To better understand the nature of the music, it is imperative to understand the nature of the story which accompanies it. Vagrant Story is a tale of winter, so to speak. It is a story which encompasses a wide spectrum of themes, most notably involving physical, mental and spiritual death as well as the greed of those who hold power and wield it irresponsibly. It is a tale of love, betrayal, loss and the hopefulness which springs forth. All of these features of the story are represented unfailingly by the music.
The first musical piece that will be heard in the game is ‘The Climax of the Graylands Incident’, which details Ashley Riots pursuit of an entity known as Sydney, who has been labeled a terrorist by the powers that be. The music begins with great vigor, introducing a bombastic bass drum and shiny brass work to open up the music with a very heroic theme. The “Graylands Incident Investigation” opens with the trickling of a harp and is accompanied by strings, brass and choir. A few luscious Sakimoto chords start this soundtrack off in a wonderful way. The piece continually morphs through phases, which provides the piece with an unbreakable sense of character. It describes all musical elements that will be later re-called in various portions of the game. There is a little bit of everything to be found in this opening. Death, Life and Hope are essentially explored in one smooth… erm, semi-smooth sequence of music.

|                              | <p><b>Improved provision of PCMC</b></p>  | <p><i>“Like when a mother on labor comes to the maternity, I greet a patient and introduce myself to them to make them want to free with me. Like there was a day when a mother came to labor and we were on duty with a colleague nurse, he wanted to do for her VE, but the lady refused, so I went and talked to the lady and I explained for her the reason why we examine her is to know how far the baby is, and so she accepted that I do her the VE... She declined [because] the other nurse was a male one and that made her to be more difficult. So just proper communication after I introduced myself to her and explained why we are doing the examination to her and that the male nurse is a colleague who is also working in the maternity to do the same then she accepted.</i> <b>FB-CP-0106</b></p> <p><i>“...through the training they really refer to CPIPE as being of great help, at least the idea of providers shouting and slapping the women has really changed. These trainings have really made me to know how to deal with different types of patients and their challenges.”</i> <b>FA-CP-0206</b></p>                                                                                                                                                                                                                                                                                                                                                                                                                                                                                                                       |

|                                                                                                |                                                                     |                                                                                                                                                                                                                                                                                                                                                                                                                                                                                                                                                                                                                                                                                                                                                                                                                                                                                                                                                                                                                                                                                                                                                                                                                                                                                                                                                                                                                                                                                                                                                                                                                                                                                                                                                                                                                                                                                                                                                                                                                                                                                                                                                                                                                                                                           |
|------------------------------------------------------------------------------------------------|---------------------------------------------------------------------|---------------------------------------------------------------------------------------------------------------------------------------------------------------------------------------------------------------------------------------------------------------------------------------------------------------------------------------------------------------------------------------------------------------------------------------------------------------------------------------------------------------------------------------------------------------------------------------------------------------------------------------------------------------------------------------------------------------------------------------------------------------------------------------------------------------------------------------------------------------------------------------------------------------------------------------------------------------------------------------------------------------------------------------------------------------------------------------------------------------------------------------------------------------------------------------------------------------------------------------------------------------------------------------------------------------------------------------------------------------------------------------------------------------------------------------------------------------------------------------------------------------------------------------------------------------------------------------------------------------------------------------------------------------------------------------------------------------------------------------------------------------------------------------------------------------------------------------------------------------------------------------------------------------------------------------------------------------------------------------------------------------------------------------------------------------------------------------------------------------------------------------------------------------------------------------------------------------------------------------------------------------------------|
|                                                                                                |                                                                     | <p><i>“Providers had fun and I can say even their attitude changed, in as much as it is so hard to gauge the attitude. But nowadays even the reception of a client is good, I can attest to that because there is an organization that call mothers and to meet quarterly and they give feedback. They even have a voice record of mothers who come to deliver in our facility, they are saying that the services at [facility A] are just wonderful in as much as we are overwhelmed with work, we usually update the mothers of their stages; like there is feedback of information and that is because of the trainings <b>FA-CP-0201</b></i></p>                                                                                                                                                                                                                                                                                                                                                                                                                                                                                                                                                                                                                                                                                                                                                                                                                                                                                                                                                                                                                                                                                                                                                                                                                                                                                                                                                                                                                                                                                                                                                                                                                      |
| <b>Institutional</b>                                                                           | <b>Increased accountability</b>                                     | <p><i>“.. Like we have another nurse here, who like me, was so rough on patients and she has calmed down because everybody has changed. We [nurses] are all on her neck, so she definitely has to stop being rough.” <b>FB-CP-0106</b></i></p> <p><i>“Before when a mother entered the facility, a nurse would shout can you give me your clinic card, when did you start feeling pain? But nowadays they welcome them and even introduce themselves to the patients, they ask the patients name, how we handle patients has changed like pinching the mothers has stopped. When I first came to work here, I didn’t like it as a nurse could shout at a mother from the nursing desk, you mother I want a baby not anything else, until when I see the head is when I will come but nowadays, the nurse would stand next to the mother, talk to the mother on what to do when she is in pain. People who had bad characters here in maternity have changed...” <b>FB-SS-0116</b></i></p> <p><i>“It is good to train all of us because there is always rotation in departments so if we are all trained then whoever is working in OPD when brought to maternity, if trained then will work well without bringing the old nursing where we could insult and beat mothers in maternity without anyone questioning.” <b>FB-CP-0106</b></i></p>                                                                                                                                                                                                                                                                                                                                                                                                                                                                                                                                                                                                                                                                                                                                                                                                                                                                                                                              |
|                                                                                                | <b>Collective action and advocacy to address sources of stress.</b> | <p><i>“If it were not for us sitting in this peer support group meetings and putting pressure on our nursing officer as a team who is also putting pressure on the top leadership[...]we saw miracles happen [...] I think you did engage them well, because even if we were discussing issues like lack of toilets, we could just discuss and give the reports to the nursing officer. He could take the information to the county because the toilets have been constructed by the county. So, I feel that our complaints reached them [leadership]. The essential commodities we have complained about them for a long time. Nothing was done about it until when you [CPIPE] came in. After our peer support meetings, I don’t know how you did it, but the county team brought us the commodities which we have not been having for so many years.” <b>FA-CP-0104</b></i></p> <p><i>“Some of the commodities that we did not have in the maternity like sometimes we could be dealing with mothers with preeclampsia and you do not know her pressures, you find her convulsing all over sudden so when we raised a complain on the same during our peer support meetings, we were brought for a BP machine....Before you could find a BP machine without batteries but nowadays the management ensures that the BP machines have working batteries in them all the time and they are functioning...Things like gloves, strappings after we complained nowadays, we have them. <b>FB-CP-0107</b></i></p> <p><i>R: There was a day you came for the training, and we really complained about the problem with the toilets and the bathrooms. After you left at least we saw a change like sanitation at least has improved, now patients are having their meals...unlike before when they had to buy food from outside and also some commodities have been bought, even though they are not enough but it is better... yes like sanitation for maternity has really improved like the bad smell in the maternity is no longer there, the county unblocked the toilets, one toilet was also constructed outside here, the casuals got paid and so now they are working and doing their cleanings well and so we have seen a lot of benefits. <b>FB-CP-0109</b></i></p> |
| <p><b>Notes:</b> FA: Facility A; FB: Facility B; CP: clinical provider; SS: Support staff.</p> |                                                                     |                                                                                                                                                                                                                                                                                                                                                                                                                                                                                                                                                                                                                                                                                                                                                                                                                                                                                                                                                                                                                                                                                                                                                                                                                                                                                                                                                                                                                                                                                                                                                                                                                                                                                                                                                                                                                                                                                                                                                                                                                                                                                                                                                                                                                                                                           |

As with most music by Sakimoto, there is an incredible explorative spirit in the music. A given track may morph textures instantaneously without warning. This allows for many emotional qualities to play out in any number of ways, sometimes startling but always poignant and refreshing because it remains unexpected. I can’t tell you how much the change of tonal scenery has the potential to dramatically deepen the gameplay, but it also heightens the exquisite environments that one may come across, where the melody gracefully echo’s throughout Leo Monde’s willowy halls, with impending reverence for the character of desolation, sometimes to beautiful effect.